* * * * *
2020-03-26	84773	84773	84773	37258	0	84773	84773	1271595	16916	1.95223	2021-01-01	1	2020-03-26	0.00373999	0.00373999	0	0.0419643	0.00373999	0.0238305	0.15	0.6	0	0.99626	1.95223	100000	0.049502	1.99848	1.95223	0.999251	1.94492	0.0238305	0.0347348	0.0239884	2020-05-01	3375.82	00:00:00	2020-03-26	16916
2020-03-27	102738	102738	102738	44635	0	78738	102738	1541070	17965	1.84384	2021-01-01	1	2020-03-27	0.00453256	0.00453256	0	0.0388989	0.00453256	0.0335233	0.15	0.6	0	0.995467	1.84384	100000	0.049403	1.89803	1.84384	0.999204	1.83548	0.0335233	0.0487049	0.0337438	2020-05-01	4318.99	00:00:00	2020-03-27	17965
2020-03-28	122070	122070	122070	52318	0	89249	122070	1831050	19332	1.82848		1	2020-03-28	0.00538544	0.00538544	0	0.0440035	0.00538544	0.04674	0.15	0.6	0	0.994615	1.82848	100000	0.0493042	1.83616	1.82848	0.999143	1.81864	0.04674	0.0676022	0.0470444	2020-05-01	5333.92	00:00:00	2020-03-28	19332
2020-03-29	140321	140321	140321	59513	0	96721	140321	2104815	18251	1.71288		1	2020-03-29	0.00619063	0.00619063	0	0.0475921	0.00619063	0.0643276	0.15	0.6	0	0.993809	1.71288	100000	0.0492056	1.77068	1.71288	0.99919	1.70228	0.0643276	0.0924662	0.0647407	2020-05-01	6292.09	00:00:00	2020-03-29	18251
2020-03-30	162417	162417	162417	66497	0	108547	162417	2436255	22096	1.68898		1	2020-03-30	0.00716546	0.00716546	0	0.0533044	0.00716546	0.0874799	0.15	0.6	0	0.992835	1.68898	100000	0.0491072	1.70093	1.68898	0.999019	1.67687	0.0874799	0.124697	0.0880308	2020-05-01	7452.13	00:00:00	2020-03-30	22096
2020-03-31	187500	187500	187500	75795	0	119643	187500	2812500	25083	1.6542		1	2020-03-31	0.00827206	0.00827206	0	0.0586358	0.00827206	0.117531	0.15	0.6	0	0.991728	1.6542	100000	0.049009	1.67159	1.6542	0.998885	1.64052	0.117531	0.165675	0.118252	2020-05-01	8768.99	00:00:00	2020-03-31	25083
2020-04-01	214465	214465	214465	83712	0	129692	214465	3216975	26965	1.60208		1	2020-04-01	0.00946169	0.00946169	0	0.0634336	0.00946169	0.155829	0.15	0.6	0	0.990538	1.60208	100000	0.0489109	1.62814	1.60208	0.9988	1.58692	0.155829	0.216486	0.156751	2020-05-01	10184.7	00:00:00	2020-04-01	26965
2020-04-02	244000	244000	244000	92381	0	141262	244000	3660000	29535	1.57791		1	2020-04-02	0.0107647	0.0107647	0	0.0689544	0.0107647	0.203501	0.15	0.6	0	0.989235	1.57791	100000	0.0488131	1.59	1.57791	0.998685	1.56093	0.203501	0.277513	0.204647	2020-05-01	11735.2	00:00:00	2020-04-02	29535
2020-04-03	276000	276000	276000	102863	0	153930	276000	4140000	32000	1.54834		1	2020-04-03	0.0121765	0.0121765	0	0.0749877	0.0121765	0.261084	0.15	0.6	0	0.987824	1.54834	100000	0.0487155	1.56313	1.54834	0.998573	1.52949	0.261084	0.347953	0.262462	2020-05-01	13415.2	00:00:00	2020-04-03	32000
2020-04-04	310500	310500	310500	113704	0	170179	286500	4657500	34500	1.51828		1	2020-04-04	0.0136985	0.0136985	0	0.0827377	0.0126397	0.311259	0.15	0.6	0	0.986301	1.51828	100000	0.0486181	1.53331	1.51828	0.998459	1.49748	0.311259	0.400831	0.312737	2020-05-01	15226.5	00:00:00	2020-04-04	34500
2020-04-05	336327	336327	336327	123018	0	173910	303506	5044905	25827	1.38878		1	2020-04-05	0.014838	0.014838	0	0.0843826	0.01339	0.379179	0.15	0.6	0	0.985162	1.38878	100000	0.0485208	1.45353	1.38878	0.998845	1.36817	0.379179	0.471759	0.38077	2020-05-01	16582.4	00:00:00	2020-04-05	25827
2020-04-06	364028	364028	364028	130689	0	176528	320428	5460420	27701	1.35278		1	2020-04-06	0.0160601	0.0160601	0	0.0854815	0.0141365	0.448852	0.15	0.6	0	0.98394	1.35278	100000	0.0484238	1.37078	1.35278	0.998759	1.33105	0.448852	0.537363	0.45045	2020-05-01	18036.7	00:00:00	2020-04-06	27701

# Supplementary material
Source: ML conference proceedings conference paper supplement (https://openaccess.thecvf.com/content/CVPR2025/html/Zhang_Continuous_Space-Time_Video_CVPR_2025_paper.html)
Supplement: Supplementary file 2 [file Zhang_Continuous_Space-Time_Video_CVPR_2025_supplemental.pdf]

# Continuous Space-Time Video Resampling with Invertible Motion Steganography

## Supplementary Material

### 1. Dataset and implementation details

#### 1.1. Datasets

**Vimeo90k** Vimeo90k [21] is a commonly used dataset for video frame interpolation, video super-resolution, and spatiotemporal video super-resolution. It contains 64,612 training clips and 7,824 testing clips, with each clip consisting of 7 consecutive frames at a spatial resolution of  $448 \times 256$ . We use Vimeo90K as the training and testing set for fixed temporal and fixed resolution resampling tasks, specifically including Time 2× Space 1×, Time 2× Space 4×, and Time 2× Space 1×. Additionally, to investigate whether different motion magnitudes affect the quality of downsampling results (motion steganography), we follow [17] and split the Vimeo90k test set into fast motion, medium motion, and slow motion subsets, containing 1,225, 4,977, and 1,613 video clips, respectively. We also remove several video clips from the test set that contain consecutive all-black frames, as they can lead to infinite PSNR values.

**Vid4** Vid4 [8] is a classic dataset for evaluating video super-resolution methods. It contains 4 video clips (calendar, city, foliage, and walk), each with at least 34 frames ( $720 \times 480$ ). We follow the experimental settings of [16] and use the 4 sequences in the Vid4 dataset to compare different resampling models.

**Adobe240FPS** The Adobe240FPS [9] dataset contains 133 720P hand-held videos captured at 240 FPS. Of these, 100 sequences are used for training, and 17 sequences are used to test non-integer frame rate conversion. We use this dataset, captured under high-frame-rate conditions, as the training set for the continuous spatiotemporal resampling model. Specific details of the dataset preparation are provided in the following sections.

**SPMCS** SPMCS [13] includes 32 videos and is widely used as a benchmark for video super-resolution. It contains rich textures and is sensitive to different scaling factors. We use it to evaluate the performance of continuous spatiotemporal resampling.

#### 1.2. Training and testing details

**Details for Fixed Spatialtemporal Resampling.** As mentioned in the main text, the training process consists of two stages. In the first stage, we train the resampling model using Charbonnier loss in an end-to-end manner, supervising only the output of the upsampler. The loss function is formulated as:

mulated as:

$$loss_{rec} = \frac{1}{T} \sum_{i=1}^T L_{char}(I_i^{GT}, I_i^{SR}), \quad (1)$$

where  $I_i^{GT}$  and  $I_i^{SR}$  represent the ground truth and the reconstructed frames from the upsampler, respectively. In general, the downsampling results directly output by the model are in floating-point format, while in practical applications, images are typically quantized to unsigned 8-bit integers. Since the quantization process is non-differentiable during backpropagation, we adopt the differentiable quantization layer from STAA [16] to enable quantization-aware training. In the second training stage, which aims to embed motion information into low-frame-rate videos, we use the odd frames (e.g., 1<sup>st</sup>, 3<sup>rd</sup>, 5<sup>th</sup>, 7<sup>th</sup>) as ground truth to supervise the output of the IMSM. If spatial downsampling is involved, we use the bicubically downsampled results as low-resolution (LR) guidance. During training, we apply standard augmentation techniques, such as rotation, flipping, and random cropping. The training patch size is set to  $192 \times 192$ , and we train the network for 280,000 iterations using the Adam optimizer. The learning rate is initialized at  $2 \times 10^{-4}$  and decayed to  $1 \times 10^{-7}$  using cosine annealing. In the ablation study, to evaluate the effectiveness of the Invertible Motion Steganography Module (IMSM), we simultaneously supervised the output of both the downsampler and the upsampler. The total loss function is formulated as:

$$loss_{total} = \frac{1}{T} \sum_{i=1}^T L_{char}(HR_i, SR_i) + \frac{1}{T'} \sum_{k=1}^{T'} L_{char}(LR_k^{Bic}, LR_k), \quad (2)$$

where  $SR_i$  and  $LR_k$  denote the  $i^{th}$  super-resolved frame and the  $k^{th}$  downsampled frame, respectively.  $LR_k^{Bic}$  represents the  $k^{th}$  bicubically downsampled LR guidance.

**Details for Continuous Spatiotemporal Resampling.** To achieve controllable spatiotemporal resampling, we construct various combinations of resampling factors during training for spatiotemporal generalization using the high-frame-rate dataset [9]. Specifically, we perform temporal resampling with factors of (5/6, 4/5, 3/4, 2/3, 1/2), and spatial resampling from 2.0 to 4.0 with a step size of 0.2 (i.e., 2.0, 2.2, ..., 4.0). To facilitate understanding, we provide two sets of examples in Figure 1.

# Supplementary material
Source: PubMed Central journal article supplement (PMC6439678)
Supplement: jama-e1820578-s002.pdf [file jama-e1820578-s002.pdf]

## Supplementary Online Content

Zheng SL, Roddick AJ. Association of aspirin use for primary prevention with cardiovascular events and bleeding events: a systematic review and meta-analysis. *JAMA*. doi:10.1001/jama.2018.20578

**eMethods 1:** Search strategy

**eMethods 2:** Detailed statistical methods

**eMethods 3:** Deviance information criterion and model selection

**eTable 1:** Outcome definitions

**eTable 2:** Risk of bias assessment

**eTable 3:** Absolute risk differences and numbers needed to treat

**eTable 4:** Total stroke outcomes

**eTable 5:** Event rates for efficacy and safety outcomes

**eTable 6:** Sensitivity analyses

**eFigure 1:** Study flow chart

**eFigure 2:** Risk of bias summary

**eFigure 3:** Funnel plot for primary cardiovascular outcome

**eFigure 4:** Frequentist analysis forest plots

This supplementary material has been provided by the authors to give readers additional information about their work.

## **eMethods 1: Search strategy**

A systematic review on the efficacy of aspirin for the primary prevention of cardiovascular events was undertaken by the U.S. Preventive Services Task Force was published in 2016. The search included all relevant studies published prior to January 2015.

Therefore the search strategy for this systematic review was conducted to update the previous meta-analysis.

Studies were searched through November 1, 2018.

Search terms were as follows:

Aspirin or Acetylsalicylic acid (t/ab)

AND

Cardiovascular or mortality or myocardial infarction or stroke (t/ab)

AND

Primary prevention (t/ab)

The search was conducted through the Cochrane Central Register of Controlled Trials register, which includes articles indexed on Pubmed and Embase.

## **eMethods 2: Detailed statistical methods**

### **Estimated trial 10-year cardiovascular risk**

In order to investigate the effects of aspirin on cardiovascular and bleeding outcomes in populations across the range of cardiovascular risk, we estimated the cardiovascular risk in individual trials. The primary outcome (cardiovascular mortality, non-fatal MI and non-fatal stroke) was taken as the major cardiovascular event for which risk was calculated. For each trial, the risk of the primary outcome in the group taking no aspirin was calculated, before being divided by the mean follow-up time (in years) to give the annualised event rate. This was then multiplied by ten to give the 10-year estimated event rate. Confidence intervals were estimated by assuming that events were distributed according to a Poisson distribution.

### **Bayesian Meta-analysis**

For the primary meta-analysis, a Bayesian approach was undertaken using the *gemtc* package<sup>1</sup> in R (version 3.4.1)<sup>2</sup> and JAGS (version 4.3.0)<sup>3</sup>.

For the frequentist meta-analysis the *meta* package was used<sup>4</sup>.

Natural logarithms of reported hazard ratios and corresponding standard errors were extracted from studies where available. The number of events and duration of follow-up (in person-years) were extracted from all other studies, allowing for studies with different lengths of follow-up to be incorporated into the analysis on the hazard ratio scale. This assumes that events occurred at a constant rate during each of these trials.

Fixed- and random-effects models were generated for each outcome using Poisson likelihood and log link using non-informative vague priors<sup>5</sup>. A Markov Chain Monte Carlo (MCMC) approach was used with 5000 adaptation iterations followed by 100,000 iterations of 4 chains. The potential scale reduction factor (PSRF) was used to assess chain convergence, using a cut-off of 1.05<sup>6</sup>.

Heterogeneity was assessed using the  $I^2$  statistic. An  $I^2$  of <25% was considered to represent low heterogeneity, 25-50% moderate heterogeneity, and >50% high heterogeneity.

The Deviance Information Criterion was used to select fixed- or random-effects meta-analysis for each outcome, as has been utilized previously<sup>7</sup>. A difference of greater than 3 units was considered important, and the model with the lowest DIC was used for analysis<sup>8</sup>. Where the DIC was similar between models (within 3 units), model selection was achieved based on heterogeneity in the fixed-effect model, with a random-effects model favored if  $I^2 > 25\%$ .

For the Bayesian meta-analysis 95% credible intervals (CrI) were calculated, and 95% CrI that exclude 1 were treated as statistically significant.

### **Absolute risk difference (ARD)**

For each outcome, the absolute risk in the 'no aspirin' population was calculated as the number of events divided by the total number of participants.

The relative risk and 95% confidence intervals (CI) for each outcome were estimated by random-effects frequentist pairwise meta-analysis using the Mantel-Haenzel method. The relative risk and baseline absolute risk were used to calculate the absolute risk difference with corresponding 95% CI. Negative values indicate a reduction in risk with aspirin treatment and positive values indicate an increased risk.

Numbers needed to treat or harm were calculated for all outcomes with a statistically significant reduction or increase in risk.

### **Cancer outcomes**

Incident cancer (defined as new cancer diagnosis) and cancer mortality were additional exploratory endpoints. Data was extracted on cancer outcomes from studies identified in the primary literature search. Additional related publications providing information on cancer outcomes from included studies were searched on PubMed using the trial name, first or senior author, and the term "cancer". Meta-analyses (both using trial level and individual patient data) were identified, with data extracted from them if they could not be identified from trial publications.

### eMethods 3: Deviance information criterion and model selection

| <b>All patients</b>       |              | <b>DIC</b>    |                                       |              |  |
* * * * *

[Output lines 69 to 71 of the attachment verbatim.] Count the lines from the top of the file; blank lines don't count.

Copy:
Fixed- and random-effects models were generated for each outcome using Poisson likelihood and log link using non-informative vague priors<sup>5</sup>. A Markov Chain Monte Carlo (MCMC) approach was used with 5000 adaptation iterations followed by 100,000 iterations of 4 chains. The potential scale reduction factor (PSRF) was used to assess chain convergence, using a cut-off of 1.05<sup>6</sup>.

Heterogeneity was assessed using the  $I^2$  statistic. An  $I^2$  of <25% was considered to represent low heterogeneity, 25-50% moderate heterogeneity, and >50% high heterogeneity.

The Deviance Information Criterion was used to select fixed- or random-effects meta-analysis for each outcome, as has been utilized previously<sup>7</sup>. A difference of greater than 3 units was considered important, and the model with the lowest DIC was used for analysis<sup>8</sup>. Where the DIC was similar between models (within 3 units), model selection was achieved based on heterogeneity in the fixed-effect model, with a random-effects model favored if  $I^2 > 25\%$ .